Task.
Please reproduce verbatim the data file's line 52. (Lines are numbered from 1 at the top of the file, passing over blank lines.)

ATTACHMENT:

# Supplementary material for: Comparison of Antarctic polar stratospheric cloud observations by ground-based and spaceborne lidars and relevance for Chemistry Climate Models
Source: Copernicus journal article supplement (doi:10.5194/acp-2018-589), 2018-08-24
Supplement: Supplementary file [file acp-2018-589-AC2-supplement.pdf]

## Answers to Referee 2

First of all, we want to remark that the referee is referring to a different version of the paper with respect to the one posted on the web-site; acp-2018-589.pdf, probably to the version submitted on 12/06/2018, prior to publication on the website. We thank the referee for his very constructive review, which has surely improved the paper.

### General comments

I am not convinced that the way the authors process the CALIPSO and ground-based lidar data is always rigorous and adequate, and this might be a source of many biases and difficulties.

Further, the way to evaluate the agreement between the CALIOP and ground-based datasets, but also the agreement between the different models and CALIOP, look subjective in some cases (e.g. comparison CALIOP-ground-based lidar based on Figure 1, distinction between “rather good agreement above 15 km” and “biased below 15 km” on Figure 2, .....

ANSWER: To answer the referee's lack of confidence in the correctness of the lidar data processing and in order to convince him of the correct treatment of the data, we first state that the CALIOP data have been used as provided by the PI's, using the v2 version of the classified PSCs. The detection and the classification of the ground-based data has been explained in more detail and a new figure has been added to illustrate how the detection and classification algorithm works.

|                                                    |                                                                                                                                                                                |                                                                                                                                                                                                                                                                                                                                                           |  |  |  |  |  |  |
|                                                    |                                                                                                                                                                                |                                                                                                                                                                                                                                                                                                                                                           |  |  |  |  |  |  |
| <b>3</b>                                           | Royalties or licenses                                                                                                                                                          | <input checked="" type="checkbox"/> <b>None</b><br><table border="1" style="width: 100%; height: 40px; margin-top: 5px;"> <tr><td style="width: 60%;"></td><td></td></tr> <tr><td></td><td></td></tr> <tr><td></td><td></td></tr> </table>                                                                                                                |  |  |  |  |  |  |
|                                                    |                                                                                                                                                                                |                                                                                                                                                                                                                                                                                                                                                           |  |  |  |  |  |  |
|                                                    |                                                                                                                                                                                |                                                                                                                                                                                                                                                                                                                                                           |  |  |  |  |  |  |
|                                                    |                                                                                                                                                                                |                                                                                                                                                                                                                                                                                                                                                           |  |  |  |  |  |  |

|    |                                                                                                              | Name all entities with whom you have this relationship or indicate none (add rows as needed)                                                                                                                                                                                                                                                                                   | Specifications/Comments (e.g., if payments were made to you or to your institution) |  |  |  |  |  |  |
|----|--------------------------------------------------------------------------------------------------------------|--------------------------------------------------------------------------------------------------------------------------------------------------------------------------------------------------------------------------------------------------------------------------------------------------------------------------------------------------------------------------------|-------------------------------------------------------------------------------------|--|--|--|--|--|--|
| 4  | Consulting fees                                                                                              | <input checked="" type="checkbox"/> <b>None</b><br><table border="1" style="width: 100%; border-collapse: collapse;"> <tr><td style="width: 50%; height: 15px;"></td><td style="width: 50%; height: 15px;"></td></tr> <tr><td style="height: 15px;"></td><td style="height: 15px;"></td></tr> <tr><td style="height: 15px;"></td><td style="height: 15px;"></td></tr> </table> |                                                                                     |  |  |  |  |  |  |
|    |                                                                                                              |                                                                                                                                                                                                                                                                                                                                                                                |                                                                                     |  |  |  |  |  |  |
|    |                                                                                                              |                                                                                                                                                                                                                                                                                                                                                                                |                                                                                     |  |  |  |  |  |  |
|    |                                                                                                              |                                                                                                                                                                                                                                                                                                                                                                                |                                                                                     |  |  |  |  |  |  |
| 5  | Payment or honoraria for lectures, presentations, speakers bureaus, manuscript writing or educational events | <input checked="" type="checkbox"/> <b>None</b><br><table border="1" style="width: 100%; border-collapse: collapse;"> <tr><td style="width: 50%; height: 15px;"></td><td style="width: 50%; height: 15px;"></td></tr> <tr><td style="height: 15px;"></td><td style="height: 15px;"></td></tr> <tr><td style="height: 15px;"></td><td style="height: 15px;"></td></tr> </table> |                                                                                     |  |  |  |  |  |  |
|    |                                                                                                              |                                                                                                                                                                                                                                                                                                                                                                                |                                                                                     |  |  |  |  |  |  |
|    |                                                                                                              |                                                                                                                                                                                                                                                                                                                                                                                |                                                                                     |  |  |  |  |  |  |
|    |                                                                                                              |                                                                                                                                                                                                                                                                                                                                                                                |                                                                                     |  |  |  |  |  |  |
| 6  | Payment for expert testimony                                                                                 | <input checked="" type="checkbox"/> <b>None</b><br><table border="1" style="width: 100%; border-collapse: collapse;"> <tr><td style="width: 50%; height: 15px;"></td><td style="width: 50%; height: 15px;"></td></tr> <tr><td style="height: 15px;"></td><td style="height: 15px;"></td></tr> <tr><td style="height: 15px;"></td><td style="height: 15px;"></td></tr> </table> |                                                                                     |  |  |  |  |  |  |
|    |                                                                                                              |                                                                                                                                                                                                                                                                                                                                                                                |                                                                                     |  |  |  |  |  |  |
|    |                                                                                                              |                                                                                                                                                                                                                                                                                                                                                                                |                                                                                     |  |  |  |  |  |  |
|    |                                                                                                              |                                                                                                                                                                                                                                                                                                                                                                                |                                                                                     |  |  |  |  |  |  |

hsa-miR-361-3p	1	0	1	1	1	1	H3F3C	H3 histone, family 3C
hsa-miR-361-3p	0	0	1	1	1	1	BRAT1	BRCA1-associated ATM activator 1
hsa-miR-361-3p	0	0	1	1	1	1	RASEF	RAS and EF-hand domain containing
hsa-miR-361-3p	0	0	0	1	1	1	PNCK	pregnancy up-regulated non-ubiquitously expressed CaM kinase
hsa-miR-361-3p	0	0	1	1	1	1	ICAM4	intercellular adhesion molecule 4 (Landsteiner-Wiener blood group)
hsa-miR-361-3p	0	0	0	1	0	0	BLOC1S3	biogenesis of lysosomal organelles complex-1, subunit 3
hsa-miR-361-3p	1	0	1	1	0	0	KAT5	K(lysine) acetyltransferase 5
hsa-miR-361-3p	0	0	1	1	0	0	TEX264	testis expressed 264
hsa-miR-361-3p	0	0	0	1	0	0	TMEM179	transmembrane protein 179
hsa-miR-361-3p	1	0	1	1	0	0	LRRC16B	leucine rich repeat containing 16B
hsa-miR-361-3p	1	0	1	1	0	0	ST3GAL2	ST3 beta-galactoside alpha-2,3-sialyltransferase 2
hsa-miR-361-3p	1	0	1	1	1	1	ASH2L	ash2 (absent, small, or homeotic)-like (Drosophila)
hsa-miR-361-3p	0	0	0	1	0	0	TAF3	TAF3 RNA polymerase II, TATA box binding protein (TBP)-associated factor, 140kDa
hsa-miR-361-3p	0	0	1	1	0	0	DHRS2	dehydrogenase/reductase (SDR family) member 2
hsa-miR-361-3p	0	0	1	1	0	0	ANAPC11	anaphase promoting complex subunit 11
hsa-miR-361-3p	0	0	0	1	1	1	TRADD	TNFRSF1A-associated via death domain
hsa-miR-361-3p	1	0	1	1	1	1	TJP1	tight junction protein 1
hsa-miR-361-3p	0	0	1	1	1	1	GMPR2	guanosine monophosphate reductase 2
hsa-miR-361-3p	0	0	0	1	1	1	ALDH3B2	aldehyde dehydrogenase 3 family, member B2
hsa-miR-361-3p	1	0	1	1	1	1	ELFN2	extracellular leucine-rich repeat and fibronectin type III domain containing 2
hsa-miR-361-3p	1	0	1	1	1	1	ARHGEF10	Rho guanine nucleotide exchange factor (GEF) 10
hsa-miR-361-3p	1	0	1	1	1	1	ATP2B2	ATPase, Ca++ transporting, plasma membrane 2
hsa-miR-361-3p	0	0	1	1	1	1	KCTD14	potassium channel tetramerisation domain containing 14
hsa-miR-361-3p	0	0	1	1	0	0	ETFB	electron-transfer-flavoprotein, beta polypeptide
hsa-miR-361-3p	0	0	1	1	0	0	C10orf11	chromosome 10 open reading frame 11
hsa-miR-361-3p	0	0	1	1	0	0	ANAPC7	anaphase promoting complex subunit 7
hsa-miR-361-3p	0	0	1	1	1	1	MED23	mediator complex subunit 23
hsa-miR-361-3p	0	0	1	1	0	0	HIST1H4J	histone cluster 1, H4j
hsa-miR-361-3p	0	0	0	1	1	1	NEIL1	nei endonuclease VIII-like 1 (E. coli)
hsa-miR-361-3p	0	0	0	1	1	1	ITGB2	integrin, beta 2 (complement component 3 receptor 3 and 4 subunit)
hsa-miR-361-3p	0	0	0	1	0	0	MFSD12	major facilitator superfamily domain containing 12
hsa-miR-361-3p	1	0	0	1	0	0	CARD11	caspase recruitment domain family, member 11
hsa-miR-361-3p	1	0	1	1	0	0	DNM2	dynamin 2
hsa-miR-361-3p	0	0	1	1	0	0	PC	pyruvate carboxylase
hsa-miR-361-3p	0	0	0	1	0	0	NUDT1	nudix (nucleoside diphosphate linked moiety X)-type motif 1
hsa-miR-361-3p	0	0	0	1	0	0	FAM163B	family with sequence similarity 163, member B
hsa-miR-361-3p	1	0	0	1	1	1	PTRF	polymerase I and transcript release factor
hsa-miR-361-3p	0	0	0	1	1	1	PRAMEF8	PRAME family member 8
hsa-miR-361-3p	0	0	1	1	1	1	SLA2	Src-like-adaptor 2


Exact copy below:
hsa-miR-361-3p	0	0	1	1	1	1	KCTD14	potassium channel tetramerisation domain containing 14